I would argue that incomplete patient data has long been a problem associated with paper medical records. So why the recent finger pointing at EHRs? Could the problem be attributed to behavioral changes on the part of both providers and patients? Within the past five years, I have changed primary care physicians twice. I have listed the names of my previous physicians, but neither has asked me to obtain my old records. Because I have not been asked to procure these, I have not troubled myself with the task.
A patient unfamiliar with health IT or health information privacy laws might think that listing their previous physician’s name (or current specialists’ names) automatically transfers their medical record. Unless a patient signs for a record transfer, caregivers must rely on what is optimistically a factual and complete patient history form that is often filled out during the minutes before an initial visit. Years of medical care are rewritten according to one’s ability to recall vaccinations, test results, and allergies, as well as the accuracy of a data analyst inputting the record into the patient’s brand spanking new, and likely abbreviated, EHR.
Patients want the best care and we look to our caregivers to tell us what to do. We may not always listen (e.g., quit smoking, exercise, etc.), but people consistently identify their physician as the person they trust most. A simple but powerful mitigation plan for addressing incomplete patient data could be to involve patients more closely in their care:
In addition to obtaining high-level health information in the intake form, ask new patients to procure their old records. Evaluate the records and input the most important details into the EHR.
When calling with appointment reminders, ask patients to bring all current medications and supplements to the medical center. An easy task for many, it can only help providers diagnose and suggest treatment options.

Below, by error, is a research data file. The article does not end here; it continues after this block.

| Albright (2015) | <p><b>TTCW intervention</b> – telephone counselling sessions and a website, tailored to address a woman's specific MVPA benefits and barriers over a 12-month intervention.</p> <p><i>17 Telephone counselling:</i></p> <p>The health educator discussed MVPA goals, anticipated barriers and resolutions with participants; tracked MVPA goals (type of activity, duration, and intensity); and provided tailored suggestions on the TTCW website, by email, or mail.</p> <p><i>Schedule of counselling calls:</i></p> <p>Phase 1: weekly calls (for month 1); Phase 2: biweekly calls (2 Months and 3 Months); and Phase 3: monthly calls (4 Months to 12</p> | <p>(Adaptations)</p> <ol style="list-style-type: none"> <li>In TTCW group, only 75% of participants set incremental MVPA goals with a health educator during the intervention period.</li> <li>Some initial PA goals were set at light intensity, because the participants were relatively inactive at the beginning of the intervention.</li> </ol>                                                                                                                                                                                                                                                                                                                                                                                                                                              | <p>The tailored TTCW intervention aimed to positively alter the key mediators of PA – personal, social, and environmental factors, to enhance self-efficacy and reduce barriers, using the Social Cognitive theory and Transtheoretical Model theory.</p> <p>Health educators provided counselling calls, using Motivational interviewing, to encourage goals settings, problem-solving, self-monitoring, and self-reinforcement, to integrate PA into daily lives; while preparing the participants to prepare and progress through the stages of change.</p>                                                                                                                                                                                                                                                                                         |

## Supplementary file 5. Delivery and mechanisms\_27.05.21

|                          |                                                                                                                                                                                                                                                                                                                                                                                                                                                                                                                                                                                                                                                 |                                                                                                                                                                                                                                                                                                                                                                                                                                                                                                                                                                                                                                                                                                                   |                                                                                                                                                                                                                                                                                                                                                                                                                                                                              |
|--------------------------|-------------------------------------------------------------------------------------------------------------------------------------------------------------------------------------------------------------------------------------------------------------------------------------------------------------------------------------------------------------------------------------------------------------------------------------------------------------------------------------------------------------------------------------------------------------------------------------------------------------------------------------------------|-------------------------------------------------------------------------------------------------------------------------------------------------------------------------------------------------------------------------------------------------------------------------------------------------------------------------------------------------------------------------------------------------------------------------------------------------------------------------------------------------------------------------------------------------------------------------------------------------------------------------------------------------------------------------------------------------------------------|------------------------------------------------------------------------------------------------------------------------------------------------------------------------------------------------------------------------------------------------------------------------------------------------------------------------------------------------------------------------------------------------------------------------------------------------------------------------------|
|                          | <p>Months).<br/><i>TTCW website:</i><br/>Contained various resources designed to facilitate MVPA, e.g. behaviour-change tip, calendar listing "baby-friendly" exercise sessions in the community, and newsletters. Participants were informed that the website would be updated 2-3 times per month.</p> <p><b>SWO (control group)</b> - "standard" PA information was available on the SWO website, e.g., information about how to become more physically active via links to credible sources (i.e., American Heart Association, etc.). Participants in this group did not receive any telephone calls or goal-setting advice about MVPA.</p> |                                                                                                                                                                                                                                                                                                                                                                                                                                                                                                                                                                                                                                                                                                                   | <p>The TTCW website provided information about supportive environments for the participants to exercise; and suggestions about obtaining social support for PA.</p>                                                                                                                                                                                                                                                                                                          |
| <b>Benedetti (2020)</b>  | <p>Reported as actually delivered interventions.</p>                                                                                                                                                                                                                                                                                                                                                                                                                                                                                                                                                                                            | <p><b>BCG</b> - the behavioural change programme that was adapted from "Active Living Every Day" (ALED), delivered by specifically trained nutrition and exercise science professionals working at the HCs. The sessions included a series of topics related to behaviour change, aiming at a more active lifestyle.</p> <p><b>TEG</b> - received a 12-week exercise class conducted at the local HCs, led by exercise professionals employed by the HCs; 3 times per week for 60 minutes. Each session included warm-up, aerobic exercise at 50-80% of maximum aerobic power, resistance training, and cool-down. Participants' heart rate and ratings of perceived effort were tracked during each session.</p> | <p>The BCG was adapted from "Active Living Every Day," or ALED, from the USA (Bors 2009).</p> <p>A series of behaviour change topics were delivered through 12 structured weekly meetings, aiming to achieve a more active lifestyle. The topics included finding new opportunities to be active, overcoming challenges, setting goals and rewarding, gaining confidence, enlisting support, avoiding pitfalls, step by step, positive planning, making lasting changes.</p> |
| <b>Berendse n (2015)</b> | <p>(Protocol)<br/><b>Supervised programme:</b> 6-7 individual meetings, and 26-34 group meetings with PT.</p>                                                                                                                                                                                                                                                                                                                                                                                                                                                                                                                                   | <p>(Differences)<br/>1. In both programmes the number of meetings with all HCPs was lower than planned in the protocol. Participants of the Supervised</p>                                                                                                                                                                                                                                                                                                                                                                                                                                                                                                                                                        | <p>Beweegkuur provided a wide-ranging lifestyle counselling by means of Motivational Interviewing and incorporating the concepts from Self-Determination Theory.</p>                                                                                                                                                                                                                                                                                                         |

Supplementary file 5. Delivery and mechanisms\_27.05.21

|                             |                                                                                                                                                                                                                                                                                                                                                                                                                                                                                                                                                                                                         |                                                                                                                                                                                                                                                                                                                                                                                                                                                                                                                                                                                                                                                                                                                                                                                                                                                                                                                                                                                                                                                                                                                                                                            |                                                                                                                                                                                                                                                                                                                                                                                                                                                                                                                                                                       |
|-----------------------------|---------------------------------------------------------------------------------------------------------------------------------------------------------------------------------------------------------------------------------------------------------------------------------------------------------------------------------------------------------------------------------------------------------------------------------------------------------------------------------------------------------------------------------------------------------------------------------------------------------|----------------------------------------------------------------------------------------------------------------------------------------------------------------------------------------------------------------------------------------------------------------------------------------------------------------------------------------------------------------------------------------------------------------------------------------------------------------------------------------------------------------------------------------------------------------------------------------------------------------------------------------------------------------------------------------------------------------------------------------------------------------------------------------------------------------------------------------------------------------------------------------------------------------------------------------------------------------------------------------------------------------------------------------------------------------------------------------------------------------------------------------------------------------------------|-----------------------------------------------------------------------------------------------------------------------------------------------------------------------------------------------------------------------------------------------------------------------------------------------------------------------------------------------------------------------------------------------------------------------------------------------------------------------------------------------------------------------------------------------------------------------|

During the visit, ask if the patient has sought care elsewhere. A simple question, it would likely jog one’s memory that, yes, they did see the eye doctor for an annual exam or received a flu shot at the pharmacy since their last visit.
Providers would also benefit from involving patients more closely in their care. Not only do they have countless reasons to deliver care based on complete data, but many also want to publicize to prospective patients that they provide quality care. Complete patient data helps legitimize providers’ quality claims. For example, by asking all female patients about recent cancer screenings, they can truthfully state the percentage of patients who are current on these screenings. Without asking this question, a primary care clinic might report a lower percentage of current screenings among its patients than is accurate, since they would not take into account those performed by outside providers (e.g., OB/GYN, dermatology, etc.).
When discussing the ineffectiveness of EHRs, invite all affected parties to the table. I have confidence that behavior modifications aimed at mitigating the side effects of a rapidly evolving landscape, keeping the best interests of everyone at heart, will serve us all well. I dare say that the cumulative effect of millions of small modifications will reach further and quicker than one major change by software manufacturers or Uncle Sam.
Sarah Armstrong is a consultant at ARRYVE, a strategy consulting firm, with a diverse mix of industry experience ranging from healthcare to software. Healthcare engagements have encompassed strategic planning, process design, revenue cycle, compensation planning, market analysis, quality management and regulatory compliance at academic medical centers, children’s hospitals, and both primary care and pediatric practices.
[i] Arthur L. Kellerman and Spencer S. Jones, What It Will Take To Achieve The As-Yet-Unfulfilled Promises of Health Information Technology, Health Affairs, 32, no. 1 (2013):63-68